“Just because you work for Tayto doesn’t mean you know potatoes, or tomatoes or tomaytoes,” said a man from County Clare.From Pat Quinn’s “The Great Potato Feud”
So runs a line from the song “The Great Potato Feud” by Pat Quinn of Inis Oírr, which describes a late night bar scene with much heated, and inebriated, debate on the matter of the best potato.
It is, as Rónadh Cox
I was reminded of the song because I had the pleasure of meeting Darra Goldstein this week, Editor in Chief of the aforementioned Gastronomica, who was in Dublin at the DIT School of Culinary Arts & Food Technology to deliver the keynote address at the inaugural Dublin Gastronomy Symposium. It seems a terribly grand title – and it was in the nature of the event that the papers presented were necessarily academic and, at times, esoteric – but at its heart was a group of people, brought together by a committee chaired by Dr. Máirtín Mac Con Iomaire, and whose interests, though diverse, centered on food – that which nourishes and enables us all to simply be.
The full list of papers presented on day one and day two of the event provide substantial, and varied, food for thought – though, if attendees at the symposium were given to viewing things through a “food lens”, as John Mulcahy from Fáilte Ireland described it, then I, undoubtedly, applied my “spud lens” to all that was before me.
I was struck, for example, by a presentation on the versatile Brazilan staple of cassava by Claudia Martello, in which she made mention of the Instituto Maniva, a Brazilian organisation which promotes the use of cassava through TV documentaries, cultural events and projects, educational and agricultural programmes, involvement with local chefs and with the Slow Food organisation.
As cassava is to Brazil, so potatoes are to Ireland, but – Bord Bia and their potato.ie efforts notwithstanding – we have no equivalent promotional organisation focused on the potato. I wondered idly if such a thing as the Potato Institute of Eireann would ever come to pass – you have to admit that, quite apart from anything else, P.I.E. would be a tremendously satisfying acronym.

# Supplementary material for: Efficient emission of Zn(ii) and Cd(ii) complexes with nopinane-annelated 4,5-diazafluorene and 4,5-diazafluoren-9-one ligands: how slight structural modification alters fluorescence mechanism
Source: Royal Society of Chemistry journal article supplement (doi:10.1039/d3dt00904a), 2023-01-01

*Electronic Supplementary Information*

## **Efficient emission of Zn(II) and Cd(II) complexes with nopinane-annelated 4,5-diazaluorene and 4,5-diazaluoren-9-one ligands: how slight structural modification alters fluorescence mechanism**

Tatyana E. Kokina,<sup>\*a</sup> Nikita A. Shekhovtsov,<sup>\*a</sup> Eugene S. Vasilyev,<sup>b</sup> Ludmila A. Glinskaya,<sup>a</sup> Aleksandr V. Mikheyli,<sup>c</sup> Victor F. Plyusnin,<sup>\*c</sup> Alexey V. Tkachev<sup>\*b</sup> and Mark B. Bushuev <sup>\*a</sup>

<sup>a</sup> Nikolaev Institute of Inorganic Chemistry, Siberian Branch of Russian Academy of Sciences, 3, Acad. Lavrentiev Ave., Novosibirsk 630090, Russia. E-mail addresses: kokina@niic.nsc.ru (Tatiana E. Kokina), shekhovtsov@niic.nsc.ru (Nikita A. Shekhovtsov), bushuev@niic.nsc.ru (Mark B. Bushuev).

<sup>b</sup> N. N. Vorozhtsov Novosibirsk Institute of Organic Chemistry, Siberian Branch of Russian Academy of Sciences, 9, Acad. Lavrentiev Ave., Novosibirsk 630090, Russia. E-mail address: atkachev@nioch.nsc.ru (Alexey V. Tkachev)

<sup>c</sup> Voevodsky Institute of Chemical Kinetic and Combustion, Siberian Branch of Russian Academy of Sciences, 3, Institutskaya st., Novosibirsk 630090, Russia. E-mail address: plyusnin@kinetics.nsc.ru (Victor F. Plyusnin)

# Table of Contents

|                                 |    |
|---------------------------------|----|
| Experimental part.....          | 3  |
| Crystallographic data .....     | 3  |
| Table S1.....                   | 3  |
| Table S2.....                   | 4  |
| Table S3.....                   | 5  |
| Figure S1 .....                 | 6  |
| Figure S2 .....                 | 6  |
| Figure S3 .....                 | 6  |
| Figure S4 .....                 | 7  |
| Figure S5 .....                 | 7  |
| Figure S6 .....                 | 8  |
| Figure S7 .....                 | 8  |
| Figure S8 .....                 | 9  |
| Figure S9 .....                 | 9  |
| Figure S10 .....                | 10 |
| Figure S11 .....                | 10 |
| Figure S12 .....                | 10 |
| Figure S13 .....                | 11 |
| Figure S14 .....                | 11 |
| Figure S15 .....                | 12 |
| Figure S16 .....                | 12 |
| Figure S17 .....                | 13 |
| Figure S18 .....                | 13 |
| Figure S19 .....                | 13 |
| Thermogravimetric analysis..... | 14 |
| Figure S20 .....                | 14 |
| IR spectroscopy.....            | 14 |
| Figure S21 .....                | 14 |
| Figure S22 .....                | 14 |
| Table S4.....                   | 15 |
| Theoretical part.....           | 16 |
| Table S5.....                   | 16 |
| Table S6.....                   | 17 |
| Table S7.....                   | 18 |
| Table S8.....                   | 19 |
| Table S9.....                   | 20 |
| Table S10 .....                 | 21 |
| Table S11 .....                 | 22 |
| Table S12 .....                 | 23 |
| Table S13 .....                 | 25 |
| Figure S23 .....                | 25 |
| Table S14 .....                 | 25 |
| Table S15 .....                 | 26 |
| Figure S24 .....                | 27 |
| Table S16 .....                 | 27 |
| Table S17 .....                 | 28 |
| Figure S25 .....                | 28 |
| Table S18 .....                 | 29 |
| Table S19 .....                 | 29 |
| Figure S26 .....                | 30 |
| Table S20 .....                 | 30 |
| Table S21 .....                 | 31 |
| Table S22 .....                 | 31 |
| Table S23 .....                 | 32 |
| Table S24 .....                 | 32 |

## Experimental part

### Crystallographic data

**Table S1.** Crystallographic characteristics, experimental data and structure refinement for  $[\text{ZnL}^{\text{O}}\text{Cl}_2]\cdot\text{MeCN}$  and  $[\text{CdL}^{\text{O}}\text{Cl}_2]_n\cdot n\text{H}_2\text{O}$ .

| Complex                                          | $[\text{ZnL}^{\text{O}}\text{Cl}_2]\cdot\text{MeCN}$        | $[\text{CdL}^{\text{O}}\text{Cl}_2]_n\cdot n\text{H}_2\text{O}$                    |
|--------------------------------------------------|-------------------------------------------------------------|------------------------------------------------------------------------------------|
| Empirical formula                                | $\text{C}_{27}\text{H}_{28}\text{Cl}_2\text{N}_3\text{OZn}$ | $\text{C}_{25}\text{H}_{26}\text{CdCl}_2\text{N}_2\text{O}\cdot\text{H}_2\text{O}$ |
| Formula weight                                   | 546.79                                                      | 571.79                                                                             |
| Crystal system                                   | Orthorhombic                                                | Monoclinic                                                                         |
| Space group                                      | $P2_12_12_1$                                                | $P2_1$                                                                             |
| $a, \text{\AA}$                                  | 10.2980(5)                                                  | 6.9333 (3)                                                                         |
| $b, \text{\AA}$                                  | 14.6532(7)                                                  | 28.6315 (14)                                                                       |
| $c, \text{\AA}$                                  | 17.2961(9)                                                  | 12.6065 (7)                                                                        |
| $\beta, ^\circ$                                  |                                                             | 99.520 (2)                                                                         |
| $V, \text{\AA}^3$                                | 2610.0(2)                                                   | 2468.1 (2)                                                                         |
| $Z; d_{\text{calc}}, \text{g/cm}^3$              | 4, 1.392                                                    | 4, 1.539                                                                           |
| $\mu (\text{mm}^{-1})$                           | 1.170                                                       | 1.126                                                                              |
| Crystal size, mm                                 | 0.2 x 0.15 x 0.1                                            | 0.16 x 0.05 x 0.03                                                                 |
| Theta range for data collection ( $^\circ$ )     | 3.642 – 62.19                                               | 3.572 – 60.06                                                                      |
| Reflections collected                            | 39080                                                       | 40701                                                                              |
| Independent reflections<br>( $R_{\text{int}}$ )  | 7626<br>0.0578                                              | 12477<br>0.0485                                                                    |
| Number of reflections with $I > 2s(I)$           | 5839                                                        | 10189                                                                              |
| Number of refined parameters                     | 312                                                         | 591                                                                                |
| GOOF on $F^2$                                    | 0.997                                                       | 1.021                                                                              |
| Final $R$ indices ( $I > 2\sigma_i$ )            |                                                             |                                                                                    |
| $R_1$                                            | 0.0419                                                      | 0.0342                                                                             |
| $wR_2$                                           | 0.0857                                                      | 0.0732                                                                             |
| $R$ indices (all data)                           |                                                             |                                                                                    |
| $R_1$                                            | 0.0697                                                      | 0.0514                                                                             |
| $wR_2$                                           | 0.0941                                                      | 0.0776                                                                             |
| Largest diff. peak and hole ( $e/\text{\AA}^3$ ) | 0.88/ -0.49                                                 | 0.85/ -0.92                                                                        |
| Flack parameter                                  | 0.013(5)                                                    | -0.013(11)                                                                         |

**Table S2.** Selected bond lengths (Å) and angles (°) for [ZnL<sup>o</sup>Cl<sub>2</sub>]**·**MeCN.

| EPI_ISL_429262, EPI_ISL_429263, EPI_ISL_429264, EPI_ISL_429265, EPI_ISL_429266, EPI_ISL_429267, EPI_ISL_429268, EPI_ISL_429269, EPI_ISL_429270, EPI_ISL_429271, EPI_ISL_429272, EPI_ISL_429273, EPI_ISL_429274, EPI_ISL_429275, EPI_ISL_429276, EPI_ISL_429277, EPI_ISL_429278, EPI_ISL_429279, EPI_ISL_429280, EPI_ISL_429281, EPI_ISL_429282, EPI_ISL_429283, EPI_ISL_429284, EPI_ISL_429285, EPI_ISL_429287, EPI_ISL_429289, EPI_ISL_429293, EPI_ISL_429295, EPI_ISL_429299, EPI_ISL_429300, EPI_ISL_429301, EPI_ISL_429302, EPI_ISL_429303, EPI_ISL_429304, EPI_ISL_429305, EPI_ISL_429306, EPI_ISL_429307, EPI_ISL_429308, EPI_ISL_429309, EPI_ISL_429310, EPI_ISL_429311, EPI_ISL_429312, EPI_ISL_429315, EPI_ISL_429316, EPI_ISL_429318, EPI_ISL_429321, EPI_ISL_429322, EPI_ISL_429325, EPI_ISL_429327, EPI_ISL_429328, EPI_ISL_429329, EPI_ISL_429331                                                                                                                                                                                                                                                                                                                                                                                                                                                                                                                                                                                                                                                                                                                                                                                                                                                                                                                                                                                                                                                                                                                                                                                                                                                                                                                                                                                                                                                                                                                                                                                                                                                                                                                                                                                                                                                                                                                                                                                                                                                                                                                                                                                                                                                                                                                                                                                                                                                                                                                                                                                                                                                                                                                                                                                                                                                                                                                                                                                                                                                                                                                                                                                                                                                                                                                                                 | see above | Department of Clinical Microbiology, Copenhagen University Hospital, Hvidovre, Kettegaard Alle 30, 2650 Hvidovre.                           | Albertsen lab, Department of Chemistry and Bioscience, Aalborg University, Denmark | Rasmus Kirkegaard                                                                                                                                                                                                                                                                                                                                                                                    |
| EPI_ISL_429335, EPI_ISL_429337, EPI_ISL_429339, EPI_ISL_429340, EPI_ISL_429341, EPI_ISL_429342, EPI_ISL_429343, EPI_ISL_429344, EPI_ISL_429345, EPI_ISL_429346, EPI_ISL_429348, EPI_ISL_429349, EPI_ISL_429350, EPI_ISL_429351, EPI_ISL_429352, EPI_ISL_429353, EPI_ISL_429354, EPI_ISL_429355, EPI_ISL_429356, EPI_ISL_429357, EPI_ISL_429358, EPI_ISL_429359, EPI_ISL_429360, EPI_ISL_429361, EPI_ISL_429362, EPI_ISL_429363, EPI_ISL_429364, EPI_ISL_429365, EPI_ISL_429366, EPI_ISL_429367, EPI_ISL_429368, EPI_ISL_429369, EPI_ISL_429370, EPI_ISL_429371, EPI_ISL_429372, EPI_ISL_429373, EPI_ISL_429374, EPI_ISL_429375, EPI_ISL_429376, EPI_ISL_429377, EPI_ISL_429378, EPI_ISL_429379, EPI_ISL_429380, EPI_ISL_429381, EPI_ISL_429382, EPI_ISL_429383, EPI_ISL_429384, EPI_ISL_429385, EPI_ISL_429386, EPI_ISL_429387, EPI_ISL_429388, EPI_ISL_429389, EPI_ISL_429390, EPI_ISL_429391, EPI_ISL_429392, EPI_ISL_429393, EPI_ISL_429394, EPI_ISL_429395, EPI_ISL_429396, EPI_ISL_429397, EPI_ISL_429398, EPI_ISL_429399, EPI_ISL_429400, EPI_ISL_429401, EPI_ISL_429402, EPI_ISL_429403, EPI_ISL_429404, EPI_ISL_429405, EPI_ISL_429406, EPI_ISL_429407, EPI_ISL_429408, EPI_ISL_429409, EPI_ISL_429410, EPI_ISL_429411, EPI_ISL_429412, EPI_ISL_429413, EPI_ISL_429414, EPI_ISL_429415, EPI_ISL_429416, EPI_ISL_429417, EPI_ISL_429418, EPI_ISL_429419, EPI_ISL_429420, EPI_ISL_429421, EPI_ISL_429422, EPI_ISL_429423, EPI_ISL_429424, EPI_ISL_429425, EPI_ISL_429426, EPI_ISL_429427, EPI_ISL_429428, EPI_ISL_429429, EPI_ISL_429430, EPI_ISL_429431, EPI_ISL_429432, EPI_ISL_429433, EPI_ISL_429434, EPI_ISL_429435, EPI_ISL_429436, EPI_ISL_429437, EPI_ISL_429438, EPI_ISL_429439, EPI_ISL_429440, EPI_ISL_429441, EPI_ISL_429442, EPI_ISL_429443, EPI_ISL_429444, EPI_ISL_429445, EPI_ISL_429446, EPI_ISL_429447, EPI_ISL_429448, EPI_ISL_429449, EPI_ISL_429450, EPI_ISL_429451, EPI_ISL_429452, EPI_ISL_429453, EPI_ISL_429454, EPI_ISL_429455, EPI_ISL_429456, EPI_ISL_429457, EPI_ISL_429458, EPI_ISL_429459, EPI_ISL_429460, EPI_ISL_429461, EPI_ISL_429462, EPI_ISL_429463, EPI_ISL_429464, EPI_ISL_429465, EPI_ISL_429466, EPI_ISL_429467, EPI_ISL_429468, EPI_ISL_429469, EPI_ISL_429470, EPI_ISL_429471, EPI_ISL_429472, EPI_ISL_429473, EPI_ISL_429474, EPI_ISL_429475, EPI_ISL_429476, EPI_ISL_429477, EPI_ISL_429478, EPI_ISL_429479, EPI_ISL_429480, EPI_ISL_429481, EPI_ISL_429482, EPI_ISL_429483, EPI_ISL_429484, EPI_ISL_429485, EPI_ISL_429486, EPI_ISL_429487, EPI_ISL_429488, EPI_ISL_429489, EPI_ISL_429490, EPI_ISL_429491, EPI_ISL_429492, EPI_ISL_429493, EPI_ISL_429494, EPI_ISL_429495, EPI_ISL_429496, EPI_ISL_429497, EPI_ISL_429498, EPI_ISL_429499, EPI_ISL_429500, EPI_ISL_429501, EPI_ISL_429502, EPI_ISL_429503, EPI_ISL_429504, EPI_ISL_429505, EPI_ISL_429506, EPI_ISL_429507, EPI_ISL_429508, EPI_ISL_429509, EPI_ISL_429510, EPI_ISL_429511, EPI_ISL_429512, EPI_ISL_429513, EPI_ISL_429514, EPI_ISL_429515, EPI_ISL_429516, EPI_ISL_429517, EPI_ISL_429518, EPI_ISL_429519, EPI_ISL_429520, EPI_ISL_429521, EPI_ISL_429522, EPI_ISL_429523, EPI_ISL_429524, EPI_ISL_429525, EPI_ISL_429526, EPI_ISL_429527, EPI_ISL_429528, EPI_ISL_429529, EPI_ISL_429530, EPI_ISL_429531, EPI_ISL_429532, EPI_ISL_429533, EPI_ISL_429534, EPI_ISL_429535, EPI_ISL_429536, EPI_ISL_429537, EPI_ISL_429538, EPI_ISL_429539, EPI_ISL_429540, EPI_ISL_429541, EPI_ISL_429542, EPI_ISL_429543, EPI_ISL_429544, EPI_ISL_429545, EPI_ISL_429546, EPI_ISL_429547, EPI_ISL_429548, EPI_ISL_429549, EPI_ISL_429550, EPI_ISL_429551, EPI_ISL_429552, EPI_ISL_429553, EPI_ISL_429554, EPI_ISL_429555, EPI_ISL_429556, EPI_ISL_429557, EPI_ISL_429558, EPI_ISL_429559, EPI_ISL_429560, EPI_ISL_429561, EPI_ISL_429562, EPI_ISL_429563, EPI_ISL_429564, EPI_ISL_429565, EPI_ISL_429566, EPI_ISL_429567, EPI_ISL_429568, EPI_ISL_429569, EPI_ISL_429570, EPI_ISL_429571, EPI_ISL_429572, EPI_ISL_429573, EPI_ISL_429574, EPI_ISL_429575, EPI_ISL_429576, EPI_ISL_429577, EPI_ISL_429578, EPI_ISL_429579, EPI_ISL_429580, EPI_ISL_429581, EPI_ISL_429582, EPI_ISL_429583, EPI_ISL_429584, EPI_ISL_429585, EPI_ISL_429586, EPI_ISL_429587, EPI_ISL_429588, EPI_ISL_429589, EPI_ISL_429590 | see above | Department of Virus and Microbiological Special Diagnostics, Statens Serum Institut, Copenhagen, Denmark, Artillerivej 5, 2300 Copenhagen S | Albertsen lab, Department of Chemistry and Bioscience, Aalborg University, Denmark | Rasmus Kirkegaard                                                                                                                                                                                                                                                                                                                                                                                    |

What we do have are potato breeders, several of whom have made a significant impact in potato terms. Pádraic Óg Gallagher talked, in his session, about the lengthy, and expensive, process involved in producing a new commercial potato variety (which, these days, can take over ten years and cost from €700,000 to €800,000). He also told us of legendary breeders, such as Dr. Harry Keogh of the Teagasc Oak Park Research Centre, whose successes included the Rooster, which was launched in the mid 1990s in Pádraic Óg’s restaurant, Gallagher’s Boxty House, and is now the dominant potato in the Irish market, accounting for 70% of sales.
John Clarke, Pádraic Óg reports as having been Ireland’s most prolific individual potato breeder, having bred 33 certified varieties, starting in the 1930s – most of these varieties had the prefix “Ulster”. A very gifted and highly respected breeder, he was awarded an OBE in 1969 for services to agriculture, and some of the most successful potatoes of the 20th century are descended from his “Ulster” varieties, including Britain’s most popular potato (and chip shop stalwart) the Maris Piper, bred in 1963 from a cross with “Ulster Knight”.
Pádraic Óg noted also that while expert potato breeders down through the years have often stumbled upon their skill by accident, hobbyist potato breeding has now largely died off here, in large part due to the cost of getting a new breed officially listed. I wonder what our great potato feuders would make of that.